A filament light bulb is a non-ohmic conductor.
Is a filament bulb an ohmic conductor?
The filament lamp is a non-ohmic conductor as current is not directly proportional to voltage. This means that its resistance is not constant.
Does filament lamp obey Ohm law?
If a component is ohmic (it obeys Ohm’s Law), then its resistance must be independent of current and voltage. … An example of this is the filament light bulb, in which the temperature rises as the current is increased. Here, Ohm’s law cannot be applied.
Why is a bulb a non ohmic conductor?
Conductors are ohmic if they have a constant resistance given that the physical conditions, such as temperature, are constant. A filament bulb and thermistor are considered to be non-ohmic because they have a varying resistance.
Is the filament of a light bulb a resistor?
A resistor is anything that electricity can not travel through easily. … The reason a light bulb glows is that electricity is forced through tungsten, which is a resistor. The energy is released as light and heat. A conductor is the opposite of a resistor.
Are LDRS ohmic?
Light-dependent resistor (LDR) is a non-ohmic conductor. This means that in a non-ohmic conductor the resistance is not constant as the voltage(potential difference) and the current are not directly proportional.
Is constantan an ohmic conductor?
Ohm’s Law state that the voltage across a conductor is directly proportional to the current flowing through it, provided all physical conditions, such as temperature, remain constant. A conductor that obeys Ohm’s Law is called an ohmic conductor. Copper or constantan wire are examples of ohmic conductors.
Does a diode obey Ohm’s law?
Diodes do not follow ohms law. As you can see in your quoted passage, Ohm’s law specifically states that R remains constant. If you try to calculate R from V/I while looking at a diodes IV curve, you will see that as you increase the voltage, “R” will change.
How do I calculate resistance?
If you know the total current and the voltage across the whole circuit, you can find the total resistance using Ohm’s Law: R = V / I. For example, a parallel circuit has a voltage of 9 volts and total current of 3 amps. The total resistance RT = 9 volts / 3 amps = 3 Ω.
Is Ohm’s law always true?
This equation is always true, whether a device obeys Ohm’s Law or not. … Ohm’s Law is only true ‘when the current flowing in a conductor remains directly-proportional to the potential difference applied across its ends, for variations in that potential difference.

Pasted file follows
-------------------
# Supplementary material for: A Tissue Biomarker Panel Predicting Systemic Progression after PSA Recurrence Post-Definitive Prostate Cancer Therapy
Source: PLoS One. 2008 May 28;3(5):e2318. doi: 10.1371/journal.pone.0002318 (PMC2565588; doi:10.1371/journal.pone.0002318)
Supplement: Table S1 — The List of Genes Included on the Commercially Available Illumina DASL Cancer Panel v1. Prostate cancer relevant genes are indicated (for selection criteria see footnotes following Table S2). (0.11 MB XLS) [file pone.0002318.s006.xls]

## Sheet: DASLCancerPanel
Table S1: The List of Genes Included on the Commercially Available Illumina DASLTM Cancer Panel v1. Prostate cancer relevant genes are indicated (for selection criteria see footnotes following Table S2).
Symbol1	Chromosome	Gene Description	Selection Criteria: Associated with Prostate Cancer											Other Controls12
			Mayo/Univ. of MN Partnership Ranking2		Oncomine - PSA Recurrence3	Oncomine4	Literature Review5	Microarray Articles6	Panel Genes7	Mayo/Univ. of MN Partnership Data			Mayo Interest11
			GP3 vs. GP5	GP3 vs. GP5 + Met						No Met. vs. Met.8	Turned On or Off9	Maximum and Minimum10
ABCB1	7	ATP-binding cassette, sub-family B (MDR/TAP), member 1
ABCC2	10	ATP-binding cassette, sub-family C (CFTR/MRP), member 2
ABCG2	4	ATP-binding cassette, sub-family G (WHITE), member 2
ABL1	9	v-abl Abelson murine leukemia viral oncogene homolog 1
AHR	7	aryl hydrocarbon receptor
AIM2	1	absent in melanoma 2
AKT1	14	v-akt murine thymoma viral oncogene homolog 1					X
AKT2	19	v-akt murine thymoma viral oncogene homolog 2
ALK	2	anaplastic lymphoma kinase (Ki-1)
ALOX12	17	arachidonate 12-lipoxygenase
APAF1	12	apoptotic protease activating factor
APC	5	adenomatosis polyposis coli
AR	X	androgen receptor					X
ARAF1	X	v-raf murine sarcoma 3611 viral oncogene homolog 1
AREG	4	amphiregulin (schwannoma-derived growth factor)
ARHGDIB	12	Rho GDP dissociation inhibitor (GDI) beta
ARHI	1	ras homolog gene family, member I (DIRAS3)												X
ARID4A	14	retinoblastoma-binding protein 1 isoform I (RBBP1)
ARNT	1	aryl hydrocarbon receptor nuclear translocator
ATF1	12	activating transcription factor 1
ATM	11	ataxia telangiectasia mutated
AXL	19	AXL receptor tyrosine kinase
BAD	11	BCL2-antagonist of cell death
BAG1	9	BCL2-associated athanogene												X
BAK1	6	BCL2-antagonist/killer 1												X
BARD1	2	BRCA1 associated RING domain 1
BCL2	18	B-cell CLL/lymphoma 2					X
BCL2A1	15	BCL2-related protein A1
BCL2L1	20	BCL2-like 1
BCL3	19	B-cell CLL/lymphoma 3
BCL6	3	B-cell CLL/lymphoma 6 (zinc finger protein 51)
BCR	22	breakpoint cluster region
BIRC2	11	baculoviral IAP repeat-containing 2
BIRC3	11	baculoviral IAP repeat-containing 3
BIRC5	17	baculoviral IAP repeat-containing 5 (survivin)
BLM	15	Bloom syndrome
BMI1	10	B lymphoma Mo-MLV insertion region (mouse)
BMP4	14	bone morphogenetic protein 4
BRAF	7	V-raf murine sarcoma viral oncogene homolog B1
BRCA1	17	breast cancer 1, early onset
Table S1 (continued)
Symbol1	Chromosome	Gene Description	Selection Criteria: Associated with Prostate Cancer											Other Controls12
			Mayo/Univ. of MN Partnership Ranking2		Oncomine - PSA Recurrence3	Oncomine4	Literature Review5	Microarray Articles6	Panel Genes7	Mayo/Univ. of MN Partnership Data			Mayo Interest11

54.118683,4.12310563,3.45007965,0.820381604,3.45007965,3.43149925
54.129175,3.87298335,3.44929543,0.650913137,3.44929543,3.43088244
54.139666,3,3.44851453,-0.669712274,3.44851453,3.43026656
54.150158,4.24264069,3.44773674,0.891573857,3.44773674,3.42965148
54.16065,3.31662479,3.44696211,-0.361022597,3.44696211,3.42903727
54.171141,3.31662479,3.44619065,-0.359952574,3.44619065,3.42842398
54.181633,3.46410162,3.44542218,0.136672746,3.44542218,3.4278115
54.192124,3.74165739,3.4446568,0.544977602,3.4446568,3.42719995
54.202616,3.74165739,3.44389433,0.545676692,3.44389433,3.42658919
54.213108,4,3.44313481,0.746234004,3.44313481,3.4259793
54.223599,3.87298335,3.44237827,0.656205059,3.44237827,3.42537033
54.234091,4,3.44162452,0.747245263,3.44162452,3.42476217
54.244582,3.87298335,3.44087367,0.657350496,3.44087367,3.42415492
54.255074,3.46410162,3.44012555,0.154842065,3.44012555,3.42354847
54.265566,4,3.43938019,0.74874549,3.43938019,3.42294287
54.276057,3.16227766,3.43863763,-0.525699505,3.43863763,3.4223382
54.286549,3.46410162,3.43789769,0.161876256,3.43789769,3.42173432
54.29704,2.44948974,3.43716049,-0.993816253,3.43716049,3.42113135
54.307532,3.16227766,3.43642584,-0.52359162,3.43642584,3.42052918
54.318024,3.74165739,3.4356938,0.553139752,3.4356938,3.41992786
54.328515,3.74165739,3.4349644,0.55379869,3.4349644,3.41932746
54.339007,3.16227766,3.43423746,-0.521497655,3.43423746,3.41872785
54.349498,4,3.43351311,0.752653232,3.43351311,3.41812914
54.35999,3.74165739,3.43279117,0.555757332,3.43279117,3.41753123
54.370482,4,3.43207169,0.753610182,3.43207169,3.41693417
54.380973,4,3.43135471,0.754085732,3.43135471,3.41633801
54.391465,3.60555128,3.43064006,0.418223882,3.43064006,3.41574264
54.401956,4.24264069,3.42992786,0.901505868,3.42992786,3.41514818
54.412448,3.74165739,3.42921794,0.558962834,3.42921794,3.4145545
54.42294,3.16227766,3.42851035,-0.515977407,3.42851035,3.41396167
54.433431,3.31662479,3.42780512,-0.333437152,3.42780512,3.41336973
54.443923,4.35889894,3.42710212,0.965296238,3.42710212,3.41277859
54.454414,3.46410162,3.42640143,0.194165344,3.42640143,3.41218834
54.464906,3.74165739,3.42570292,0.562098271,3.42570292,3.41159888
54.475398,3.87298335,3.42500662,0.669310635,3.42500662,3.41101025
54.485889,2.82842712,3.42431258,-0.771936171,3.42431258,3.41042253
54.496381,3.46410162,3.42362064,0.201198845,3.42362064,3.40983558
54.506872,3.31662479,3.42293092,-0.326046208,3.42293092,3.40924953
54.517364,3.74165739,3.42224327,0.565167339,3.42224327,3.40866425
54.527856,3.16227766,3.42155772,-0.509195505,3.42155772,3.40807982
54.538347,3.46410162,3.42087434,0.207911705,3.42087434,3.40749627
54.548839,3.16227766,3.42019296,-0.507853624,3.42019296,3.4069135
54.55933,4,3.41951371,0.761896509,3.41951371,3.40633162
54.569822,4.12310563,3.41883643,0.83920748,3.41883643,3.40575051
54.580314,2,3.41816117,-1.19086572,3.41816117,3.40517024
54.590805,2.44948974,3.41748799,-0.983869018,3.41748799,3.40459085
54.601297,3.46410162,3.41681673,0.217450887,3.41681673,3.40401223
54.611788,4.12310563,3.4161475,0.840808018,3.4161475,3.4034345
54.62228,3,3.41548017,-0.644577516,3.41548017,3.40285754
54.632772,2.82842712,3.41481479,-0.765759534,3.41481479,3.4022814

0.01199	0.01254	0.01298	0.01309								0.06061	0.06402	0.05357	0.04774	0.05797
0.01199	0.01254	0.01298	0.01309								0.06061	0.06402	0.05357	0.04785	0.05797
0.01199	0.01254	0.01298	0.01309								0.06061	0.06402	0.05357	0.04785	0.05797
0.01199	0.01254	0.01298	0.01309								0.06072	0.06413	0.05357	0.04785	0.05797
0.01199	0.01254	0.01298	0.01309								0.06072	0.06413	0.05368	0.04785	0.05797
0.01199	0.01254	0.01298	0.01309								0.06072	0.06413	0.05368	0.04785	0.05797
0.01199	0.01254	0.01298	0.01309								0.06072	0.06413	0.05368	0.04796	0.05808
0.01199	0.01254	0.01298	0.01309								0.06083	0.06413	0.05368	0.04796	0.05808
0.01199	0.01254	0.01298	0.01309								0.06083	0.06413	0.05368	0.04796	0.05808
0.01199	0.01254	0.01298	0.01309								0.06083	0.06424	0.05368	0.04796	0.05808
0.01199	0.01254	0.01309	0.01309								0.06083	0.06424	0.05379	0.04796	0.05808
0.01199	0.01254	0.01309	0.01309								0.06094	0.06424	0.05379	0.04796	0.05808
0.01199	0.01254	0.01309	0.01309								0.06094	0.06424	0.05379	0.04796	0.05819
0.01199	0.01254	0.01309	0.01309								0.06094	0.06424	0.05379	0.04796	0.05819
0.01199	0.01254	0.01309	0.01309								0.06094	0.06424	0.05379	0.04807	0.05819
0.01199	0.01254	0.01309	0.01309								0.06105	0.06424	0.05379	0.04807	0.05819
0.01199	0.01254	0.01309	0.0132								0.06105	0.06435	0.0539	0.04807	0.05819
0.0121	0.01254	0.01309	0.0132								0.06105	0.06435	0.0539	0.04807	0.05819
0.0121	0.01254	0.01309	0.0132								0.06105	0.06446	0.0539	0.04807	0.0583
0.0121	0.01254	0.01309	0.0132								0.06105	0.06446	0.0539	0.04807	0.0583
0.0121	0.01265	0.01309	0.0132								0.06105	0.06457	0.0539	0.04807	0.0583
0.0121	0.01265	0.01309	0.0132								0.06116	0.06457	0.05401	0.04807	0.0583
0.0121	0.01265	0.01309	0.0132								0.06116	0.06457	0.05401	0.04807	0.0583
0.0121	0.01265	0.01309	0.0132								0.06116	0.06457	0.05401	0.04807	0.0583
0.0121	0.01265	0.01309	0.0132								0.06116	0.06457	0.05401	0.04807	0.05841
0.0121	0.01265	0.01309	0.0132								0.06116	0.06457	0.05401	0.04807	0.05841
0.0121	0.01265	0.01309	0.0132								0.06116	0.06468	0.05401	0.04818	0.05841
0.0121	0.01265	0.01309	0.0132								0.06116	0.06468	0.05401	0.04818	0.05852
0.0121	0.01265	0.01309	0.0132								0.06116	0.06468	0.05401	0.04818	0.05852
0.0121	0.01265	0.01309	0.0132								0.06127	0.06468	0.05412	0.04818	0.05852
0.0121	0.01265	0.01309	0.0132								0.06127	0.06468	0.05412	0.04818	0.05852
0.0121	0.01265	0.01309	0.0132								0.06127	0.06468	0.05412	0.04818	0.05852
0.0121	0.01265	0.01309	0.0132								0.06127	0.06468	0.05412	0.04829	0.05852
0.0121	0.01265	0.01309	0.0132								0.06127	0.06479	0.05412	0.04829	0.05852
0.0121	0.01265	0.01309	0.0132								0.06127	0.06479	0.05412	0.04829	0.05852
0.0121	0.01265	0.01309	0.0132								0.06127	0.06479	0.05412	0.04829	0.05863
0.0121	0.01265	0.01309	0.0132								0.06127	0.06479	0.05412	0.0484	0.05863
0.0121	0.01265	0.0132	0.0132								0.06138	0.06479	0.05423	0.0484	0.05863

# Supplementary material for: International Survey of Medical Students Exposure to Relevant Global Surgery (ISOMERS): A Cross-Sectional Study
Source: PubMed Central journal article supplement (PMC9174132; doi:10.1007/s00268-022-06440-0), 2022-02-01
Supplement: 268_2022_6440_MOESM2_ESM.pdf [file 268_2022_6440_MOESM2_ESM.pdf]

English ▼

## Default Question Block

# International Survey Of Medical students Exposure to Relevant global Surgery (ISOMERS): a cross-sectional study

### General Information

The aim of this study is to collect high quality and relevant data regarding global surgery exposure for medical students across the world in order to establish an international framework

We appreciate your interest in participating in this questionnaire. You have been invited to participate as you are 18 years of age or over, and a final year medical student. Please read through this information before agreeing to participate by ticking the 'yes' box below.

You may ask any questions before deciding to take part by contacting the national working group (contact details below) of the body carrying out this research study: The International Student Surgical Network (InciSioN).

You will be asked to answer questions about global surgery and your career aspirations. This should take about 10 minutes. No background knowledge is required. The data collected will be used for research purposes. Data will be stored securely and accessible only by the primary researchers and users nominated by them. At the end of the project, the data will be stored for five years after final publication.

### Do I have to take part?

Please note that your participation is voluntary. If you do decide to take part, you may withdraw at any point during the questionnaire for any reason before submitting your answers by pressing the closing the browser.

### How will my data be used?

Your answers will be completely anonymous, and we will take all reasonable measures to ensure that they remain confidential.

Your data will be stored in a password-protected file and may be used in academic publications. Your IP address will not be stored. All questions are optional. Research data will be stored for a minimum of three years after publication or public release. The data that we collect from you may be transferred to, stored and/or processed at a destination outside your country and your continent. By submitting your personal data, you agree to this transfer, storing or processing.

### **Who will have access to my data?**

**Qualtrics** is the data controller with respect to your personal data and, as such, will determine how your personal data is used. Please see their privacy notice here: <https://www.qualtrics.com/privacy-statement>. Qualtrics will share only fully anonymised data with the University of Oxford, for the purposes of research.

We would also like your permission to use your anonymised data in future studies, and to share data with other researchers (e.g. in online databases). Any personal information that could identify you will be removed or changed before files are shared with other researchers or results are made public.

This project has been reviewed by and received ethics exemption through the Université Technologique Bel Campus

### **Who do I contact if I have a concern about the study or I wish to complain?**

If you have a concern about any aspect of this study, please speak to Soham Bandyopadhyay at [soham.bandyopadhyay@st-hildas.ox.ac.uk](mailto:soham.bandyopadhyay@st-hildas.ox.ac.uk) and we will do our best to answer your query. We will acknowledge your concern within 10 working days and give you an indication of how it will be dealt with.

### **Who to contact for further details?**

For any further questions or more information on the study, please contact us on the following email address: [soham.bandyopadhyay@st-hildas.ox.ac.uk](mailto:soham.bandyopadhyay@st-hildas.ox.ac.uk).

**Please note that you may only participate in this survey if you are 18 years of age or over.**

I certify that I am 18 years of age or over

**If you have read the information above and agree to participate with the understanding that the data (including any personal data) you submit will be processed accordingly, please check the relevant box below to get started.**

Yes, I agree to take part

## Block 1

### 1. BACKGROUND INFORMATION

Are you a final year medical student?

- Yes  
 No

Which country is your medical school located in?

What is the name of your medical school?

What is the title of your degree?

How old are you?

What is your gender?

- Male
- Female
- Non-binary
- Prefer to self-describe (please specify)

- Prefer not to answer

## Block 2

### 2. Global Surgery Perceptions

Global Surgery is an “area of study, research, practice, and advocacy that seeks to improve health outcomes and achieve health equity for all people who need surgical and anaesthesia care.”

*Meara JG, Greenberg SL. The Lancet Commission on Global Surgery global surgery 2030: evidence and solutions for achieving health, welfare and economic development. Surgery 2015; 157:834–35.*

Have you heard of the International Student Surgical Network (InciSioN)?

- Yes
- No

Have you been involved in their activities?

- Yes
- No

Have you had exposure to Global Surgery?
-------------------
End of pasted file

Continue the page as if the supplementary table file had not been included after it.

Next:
What is the resistance of 60 watt bulb?
A 60 W lightbulb has a resistance of 240 Ω. You can get this value by solving the for R in the equation P=V2/R, where P is the nominal power of 60 Watts, and V is the nominal voltage of 120 Volts. And, using the same approach, you can find the resistance for the 100 Watt light bulb, which is 144 Ω.
What can cause a resistor to become non ohmic?
As more current flows through a resistor, it generates more and more heat. This heat, when it becomes excessive, can cause the resistor to become non-Ohmic and the resistance would also increase. Even ordinary wires are also considered as Ohmic conductors.
Why is the light bulb’s resistance not constant?
A non- Ohmic device is one that does not have a constant resistance. A light bulb is a simple example; the filament undergoes huge changes in temperature when current passes through it. Therefore, the resistance of the filament is not constant, rather, it increases with increased current.
Is a bulb a resistance?
The filament in an incandescent bulb does not have a constant resistance. If you take a bulb and increase the voltage across it, the current increases too. An increase in current means the bulb gets hot—hot enough to glow. As the temperature increases, however, the resistance also increases.
Do LEDs have resistance?
LEDs do not have a linear relationship between current and voltage so they cannot be modeled as simply as a resistor using Ohm’s Law, V = IR . An LED can be approximated as a resistor with a fixed voltage source. …
Is a wire a resistor?
A wire in real life, unless it is a superconductor, is a resistor because it has a non-zero value of resistance. However, it has a considerably less resistance than most of the other components of the circuit, so one often ignores that in ordinary cases, but not in all. … In most cases, wires have resistance.